As the new decade dawned, Andy was contacted by a little-known Bristol band, with all of one single to their credit. Still, audacity counts for something and the rhythm the group had mailed Andy was so intriguing that the singer was swayed and delivered up a vocal to accompany it. "One Love" would hold pride of place on Massive Attack's Blue Lines debut album. Andy's relationship with Massive Attack didn't end there, of course. The group's dreamier, deeply atmospheric, and dubby songs seemed tailor-made for the singer and from then on, Andy has guest-starred on all of the band's albums. As Massive Attack's reputation quickly spread throughout the U.K. and U.S. electro scene, so the singer was introduced to a whole new audience, many of whom were totally unaware of his recordings previous to his collaborations with the band. This is particularly ironic, especially as several of Massive Attack's tracks were originally Andy's own, including "Spy Glass" (aka "Spying Glass" from the Protection album) and a new, even more ominous reworking of his cover of John Holt's "Man Next Door" (aka "I've Got to Get Away," found on Mezzanine. However, Andy's solo album from this time, 1993's Rude Boy, was notable only for the appearances of Bunny Clarke and Ricky General.

The following year found the singer cutting the "Seek and You Will Find" single for British producer Dennis "Mixman" Bedeau. That song titled his next full-length record the following year, with Bedeau creating an album's worth of simmering rhythms that made this set one of the most crucial U.K. reggae albums of the decade. Unfortunately, a collaboration with Jah Shaka, Jah Shaka Meets Horace Andy, was nowhere near as strong, and its dub companion Dub Salute 1 Featuring Horace Andy was merely unnecessary. Inevitably, Andy's work with Massive Attack brought him into the sphere of the group's sometime-collaborator Neil "Mad Professor" Fraser. He and Andy entered the studio in 1995 as well and emerged with the "Life Is for Living" single and an album of the same name.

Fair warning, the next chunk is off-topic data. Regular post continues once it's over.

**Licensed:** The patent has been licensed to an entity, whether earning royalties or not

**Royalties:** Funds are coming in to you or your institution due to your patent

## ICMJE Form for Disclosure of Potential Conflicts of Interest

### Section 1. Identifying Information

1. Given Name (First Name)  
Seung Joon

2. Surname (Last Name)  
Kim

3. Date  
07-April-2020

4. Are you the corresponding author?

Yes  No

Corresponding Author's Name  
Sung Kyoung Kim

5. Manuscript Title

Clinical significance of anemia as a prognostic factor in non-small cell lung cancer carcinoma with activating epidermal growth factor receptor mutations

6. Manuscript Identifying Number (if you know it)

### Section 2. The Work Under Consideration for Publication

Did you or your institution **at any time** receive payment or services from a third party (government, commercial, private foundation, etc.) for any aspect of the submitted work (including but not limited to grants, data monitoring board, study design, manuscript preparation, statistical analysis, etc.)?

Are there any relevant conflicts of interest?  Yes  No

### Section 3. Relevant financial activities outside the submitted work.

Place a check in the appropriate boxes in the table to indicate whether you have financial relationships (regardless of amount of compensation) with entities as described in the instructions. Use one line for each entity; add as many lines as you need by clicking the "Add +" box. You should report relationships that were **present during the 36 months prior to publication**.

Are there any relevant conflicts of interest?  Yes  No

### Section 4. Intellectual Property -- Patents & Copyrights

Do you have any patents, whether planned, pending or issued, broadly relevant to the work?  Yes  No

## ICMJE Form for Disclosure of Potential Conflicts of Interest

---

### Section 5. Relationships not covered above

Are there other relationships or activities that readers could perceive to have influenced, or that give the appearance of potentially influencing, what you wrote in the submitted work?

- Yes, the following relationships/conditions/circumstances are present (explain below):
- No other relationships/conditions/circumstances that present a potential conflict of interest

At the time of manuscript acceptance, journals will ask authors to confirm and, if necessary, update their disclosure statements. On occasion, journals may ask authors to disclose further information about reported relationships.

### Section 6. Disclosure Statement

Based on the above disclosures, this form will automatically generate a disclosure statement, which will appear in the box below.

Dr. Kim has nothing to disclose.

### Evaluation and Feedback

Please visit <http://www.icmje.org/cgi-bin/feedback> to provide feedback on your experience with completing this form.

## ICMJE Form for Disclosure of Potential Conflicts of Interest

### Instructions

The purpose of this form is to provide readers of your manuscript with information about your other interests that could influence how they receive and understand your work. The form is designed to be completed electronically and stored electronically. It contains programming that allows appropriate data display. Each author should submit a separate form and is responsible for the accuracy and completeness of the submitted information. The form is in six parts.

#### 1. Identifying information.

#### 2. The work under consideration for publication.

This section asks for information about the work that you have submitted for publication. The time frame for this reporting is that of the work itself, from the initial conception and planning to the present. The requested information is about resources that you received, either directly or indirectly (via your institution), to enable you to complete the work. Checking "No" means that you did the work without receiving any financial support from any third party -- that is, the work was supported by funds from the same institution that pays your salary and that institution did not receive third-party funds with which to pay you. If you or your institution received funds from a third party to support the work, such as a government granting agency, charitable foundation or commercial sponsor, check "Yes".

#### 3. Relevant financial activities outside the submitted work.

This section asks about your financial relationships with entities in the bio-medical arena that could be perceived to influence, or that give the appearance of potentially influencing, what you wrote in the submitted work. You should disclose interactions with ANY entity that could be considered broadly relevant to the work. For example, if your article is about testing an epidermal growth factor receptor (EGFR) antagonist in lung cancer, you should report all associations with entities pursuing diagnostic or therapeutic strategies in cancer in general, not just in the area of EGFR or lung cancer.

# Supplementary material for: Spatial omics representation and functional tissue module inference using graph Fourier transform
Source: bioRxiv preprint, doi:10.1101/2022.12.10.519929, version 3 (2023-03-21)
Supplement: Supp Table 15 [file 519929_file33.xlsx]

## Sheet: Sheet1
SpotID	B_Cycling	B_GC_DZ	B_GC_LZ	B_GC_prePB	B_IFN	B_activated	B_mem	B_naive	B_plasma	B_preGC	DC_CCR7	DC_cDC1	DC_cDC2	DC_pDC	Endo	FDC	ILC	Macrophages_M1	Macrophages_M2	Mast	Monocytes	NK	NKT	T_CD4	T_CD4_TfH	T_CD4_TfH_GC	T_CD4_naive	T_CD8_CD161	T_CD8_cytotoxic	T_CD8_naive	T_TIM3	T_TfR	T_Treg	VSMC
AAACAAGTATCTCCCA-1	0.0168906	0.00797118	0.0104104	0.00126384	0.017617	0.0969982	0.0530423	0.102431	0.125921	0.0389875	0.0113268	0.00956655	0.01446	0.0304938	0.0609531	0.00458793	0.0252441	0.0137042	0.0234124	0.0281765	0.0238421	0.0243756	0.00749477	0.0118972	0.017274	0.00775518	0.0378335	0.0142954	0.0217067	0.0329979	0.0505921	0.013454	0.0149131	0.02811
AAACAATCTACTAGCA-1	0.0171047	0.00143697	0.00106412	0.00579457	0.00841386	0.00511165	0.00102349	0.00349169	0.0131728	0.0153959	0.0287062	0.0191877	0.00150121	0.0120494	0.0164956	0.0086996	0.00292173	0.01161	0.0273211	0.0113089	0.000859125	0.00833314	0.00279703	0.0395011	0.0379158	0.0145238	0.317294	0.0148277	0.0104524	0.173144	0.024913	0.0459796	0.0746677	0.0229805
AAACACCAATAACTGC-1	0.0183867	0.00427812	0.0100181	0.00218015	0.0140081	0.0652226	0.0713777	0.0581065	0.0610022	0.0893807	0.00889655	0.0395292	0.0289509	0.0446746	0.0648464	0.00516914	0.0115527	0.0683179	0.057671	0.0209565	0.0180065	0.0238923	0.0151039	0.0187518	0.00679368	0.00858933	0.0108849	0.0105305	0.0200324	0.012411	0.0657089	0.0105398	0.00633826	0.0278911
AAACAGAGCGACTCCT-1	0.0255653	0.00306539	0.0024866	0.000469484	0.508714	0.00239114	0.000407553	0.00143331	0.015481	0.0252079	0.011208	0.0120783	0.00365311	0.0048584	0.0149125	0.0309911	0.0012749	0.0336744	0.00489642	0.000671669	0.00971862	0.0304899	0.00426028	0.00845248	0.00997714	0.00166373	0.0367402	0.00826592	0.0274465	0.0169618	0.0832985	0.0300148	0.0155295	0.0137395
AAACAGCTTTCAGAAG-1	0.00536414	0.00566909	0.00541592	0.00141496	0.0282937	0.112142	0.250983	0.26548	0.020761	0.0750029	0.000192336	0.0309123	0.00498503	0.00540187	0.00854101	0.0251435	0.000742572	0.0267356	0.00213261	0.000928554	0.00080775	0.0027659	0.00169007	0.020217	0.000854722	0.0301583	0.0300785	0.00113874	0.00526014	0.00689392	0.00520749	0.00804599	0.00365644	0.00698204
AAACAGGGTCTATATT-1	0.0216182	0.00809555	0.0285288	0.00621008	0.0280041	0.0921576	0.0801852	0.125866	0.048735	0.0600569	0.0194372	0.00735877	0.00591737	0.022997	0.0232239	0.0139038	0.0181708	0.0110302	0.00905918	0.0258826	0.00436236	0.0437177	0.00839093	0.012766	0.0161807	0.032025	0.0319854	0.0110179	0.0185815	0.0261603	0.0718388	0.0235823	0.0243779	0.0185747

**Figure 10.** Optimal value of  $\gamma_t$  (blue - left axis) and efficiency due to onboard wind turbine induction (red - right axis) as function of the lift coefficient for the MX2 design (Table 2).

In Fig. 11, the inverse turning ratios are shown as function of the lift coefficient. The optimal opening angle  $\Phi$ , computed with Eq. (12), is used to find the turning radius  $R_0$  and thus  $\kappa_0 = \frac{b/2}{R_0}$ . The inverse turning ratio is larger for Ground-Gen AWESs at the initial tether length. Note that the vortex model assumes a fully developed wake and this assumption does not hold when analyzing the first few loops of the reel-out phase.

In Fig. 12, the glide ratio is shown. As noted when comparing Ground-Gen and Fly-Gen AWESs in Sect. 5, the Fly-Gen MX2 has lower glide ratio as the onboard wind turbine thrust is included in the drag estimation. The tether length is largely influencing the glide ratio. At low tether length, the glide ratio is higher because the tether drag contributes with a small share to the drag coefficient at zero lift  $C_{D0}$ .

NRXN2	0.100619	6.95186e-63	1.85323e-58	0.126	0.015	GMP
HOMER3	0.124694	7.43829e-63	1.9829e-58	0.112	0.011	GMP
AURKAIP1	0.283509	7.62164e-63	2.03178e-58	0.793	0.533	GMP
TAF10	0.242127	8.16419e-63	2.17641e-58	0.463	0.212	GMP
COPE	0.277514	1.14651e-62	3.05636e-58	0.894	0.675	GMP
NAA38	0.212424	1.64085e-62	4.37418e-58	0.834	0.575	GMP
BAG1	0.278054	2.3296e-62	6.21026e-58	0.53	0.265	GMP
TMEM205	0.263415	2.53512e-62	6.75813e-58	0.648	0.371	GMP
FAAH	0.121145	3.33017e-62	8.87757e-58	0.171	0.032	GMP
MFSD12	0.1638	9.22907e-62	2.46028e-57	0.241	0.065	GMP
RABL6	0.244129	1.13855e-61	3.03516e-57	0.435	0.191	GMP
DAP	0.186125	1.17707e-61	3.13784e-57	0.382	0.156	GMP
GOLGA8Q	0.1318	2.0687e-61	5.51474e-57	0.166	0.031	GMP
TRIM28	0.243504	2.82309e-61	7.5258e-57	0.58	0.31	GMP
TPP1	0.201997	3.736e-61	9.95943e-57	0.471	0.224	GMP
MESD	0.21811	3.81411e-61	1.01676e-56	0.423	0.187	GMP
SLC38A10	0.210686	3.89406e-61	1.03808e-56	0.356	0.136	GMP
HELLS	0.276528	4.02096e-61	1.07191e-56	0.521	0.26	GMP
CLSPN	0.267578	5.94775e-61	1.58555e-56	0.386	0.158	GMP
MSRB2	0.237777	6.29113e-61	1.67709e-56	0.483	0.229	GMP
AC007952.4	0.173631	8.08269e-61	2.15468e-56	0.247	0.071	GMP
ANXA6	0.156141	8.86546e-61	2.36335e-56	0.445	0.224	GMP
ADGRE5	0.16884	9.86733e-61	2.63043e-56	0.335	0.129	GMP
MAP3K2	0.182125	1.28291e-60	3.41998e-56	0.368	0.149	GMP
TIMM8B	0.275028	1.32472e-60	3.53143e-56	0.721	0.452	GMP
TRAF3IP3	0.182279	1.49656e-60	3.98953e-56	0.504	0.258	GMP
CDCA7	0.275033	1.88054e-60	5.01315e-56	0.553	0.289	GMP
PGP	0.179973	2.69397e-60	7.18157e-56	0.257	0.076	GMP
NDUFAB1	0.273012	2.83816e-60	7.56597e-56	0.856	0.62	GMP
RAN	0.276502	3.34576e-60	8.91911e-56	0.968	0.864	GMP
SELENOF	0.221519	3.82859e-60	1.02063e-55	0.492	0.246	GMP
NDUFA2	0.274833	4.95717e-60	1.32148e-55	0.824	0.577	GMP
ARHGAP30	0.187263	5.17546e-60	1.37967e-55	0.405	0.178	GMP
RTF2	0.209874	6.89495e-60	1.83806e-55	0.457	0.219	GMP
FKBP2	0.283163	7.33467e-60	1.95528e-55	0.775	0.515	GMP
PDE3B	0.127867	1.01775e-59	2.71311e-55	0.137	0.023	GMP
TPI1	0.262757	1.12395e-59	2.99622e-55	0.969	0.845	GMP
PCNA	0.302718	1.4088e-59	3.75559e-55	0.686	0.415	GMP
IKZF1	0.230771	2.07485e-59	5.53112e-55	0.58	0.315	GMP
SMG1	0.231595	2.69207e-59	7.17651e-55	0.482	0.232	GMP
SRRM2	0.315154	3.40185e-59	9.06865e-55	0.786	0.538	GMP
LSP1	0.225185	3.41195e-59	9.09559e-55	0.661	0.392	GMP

The pair followed through with a re-recording of "Zion" the next year and the Roots and Branches album in 1997. Bunny Gemini would oversee Andy's next set, See and Blind, a stunning mix of new songs and old favorites accompanied by the Firehouse Crew. That same year, a new recording of "I May Never See My Baby" arrived. The year 1998 was further enhanced with a new album for Bushwackies, the sublime Horace Andy Sings Bob Marley album. Meanwhile, Massive Attack had launched their own label, Melankolic, and released Skylarking, a compilation of Andy's more difficult to find hits from across his long career. This was followed at the end of the decade with an album of new material, the seminal In the Light. Clive Hunt's exceptional production, a supple bass intertwining through the ever more claustrophobic atmospheres, is the perfect backing for one of Andy's own most powerful performances in ages. It was followed in 1999 by the similar Living in the Flood.

In 2001, the singer guest-starred on the British group Dub Pistols' sophomore album, Six Million Ways to Live, bringing more acclaim from electro mavens and trip-hop fans. His 2003 effort Mek It Bun appeared on the Wrasse label and featured a cover version of America's "Horse with No Name" along with Gregory Isaacs' "Night Nurse." In 2006 he guest-starred on the Easy Star All-Stars' Radiohead tribute Radiodread. The live On Tour album landed on Trojan in 2008 and then two years later he hooked up with German producer Andreas "Brotherman" Christophersen along with the Groove Attack label for the album Serious Times. The 2013 set Broken Beats featured his classic hits remixed by dubstep and left-field house music producers like Rob Smith and Oliver Frost. ~ Jo-Ann Greene
full bio

Selected Discography


Track List: Serious Times